Abortion among Primary and Junior High School Girls in Rural Communities in Ghana

Kassim Alabani

The definition of abortion in Ghana is: ‘the termination of pregnancy before viability’. By medical definition viability is established at 28 weeks but with modern technologies, this is changing. This national definition of abortion is in conformity with that of the World Health Organization (WHO). Ghana enacted a new abortion law in 1985 (Law No. 102 of 22 February, 1985).

In general, under this law any person administering any poison or other noxious substance to a woman or using any instruments or other means with the intent to cause an abortion is guilty of an offence and is liable to imprisonment for a term not exceeding five years, regardless of whether the woman is pregnant or has given her consent. Any person inducing a woman to cause or consent to an abortion, assisting a woman to cause an abortion or attempting to cause an abortion may also be imprisoned for a term not exceeding five years. A person who supplies or procures any poison, drug or instrument or any other thing knowing that it will be used to perform an abortion is also subject to the same punishment.

There is still a huge stigma associated with performing abortion. This stigma is accentuated by Christian and Muslim beliefs. All these two major religions frown on sex before marriage as well as abortion.

A legal abortion must be performed by a registered medical practitioner with the consent of the pregnant woman. If the woman lacks the capacity to give her own consent, the consent of her next of kin or guardian is required. The abortion must be performed in a government hospital or a private hospital or clinic registered under the Private Hospitals and Maternity Homes Act of 1958 (No. 9) or in a place approved for that purpose by the law.

Although there are no official statistics on abortion in Ghana, some studies suggest that it is a common practice. For example, a 1987 study conducted at Accra and Tamale suggested that abortion was commonly used as a method of birth control. In 1984, a survey carried out at Accra among obstetric patients also found that 20 per cent of the women who had at least one previous hospital delivery had had at least one induced abortion.

The reality

Reports from community leaders, mothers and parents have it that the practice of engaging in illegal abortion is far from over. Most teenagers still engage in using non-medical and unapproved means and drugs in conducting abortion. Teenagers and their parents find it difficult reporting to Community Health Centers to demand abortion services. Their fear is that reporting to a health center for such a service can lead to the disclosure of information they will want to keep secret. There is still a huge stigma associated with performing abortion. This stigma is accentuated by Christian and Muslim beliefs. All these two major religions frown on sex before marriage as well as abortion.

To enhance reproductive health and reduce the incidence of illegal abortion among young girls in villages, religious leaders such as Pastors and Imams must be involved in reproductive health education programs and must be educated on the need to reduce stigmatization and social condemnation of girls who become pregnant.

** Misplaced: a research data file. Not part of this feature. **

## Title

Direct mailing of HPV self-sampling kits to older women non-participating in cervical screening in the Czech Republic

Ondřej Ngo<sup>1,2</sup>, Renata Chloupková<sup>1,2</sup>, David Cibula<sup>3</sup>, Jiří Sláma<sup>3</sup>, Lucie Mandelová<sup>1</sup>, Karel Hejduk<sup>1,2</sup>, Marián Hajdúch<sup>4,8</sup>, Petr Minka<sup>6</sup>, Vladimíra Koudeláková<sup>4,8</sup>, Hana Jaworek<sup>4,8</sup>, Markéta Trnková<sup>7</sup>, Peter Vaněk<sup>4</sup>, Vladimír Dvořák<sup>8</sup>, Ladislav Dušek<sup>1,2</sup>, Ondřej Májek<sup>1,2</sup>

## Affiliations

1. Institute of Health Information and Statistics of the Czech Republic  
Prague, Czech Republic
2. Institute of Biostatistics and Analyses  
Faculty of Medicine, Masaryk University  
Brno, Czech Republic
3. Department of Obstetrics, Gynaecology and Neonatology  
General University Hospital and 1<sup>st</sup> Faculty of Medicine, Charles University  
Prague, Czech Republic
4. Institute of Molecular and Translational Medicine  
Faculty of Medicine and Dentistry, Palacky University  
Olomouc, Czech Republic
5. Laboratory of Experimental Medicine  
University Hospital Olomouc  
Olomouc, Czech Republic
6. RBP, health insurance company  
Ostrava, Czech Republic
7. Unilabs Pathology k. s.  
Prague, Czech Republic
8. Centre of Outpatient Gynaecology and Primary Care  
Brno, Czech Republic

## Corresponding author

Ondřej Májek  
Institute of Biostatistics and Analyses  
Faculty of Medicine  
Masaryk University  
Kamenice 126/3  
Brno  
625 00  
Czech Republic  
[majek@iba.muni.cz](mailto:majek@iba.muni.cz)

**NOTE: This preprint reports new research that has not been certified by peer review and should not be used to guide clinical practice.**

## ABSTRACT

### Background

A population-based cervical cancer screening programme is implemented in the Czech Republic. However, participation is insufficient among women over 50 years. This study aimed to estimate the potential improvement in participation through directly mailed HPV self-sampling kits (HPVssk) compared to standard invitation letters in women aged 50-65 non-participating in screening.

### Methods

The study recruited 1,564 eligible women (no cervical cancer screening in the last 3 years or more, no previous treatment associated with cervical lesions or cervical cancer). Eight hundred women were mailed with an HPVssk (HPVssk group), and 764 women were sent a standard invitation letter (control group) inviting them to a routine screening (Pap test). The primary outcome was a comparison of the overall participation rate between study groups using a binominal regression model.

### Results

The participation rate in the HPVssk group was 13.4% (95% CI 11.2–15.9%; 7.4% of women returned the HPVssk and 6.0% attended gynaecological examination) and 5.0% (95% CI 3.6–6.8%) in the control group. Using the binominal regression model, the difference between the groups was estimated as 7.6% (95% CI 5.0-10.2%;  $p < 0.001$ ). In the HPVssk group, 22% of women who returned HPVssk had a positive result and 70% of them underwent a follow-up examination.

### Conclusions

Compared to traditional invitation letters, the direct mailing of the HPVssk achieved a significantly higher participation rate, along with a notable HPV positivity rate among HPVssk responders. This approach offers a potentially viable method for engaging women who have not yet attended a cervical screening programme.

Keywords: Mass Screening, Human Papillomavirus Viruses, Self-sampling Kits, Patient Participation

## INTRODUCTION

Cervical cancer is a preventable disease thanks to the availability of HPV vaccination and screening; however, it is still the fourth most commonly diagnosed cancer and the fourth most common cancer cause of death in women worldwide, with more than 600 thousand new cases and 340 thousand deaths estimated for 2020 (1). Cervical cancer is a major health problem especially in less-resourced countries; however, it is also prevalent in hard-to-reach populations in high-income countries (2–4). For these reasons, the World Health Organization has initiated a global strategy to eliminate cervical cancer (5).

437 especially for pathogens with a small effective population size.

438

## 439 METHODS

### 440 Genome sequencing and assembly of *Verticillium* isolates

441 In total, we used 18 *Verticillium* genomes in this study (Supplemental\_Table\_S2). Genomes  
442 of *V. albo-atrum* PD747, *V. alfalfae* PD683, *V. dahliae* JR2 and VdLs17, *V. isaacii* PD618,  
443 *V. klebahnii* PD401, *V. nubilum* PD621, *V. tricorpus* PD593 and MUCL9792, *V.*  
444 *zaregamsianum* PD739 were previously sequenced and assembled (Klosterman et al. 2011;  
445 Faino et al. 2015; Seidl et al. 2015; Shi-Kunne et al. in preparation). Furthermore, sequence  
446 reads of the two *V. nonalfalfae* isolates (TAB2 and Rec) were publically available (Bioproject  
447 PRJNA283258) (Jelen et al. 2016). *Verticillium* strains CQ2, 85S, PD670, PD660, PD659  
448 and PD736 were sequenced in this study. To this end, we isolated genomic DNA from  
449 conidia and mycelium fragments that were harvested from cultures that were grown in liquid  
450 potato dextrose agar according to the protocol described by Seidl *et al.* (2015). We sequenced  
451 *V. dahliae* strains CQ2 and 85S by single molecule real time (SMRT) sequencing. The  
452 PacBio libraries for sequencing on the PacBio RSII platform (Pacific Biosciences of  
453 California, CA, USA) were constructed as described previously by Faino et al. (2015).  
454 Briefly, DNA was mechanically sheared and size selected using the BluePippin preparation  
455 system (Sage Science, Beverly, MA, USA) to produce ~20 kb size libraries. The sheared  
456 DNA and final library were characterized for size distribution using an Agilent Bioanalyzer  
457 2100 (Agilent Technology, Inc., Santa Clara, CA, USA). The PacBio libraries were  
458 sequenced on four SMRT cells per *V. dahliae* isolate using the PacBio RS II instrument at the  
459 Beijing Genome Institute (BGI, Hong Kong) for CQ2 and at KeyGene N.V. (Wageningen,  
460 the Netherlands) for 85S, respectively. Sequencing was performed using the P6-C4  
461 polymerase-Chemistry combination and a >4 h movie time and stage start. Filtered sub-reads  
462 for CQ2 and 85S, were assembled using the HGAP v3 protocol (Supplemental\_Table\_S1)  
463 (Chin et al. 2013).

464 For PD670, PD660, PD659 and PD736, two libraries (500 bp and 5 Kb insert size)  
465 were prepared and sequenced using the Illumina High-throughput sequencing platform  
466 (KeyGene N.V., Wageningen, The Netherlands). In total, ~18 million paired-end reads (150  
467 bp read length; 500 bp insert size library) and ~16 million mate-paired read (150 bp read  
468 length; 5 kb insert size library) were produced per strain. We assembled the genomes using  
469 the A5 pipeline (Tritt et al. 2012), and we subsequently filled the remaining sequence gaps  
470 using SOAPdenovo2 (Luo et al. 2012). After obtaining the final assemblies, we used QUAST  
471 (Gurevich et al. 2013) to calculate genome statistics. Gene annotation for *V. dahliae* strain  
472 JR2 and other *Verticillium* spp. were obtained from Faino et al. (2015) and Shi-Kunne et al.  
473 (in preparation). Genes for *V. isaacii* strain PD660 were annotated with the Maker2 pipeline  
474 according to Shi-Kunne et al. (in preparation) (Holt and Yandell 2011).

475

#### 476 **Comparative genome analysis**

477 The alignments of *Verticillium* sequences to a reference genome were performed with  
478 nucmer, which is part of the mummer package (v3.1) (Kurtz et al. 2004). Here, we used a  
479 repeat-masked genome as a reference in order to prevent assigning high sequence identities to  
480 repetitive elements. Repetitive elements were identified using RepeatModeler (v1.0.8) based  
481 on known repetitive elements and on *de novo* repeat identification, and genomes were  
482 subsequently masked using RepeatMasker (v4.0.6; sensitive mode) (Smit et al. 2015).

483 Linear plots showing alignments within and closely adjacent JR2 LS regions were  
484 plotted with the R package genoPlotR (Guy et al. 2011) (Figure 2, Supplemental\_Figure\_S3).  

Meanwhile, the idea of engaging in friendship with the opposite sex has become so attractive among girls in primary and Junior high schools in most rural communities in Ghana. These relationships are not without sexual intercourse. In fact, the appetite for sex is so strong among teenagers and, sometimes, even pre-teenagers in primary schools. This has led to a situation where most little girls between the ages of 8 to 15 all pride themselves on having “boyfriends” and having sex. They engage in these practices with little or no knowledge of reproductive health.

A victim of illegal abortion. She became pregnant and used illegal drugs to abort the pregnancy. This was followed by excessive bleeding. She later died on the way to a hospital in a nearby town.

The situation is much better in towns but worst in villages. For this article, I visited 5 village schools in the western region of the Republic of Ghana. In all these schools, little girls have no shame in talking about their “boyfriends” and about having sex. Having an intimate or sexual relationship with a man is a way most teenagers rehearse their beauty and significance in society.

A significant percentage of school pupils had knowledge of some family planning methods and some are reported to be using some family planning methods, especially combined monthly injectable – Norigynon. In my visit to one school, I was presented with a picture of a girl in primary six (6) who recently died through illegal abortion just before my visit to the school.

To enhance reproductive health and reduce the incidence of illegal abortion among young girls in villages, the following proposals must be taken seriously:

– Religious leaders such as Pastors and Imams must be involved in reproductive health education programs and must be educated on the need to reduce stigmatization and social condemnation of girls who become pregnant.

– Health Service Providers should establish centers to counsel adolescents and school pupils on reproductive health and management of unwanted pregnancies and to advocate for the promotion of safer sex among the sexually active groups.


Kassim Alabani

Kassim Alabani is a teacher with the Ghana Education Service and the General Secretary of the Centre for Development and Policy Advocacy. He volunteers for WATHI.

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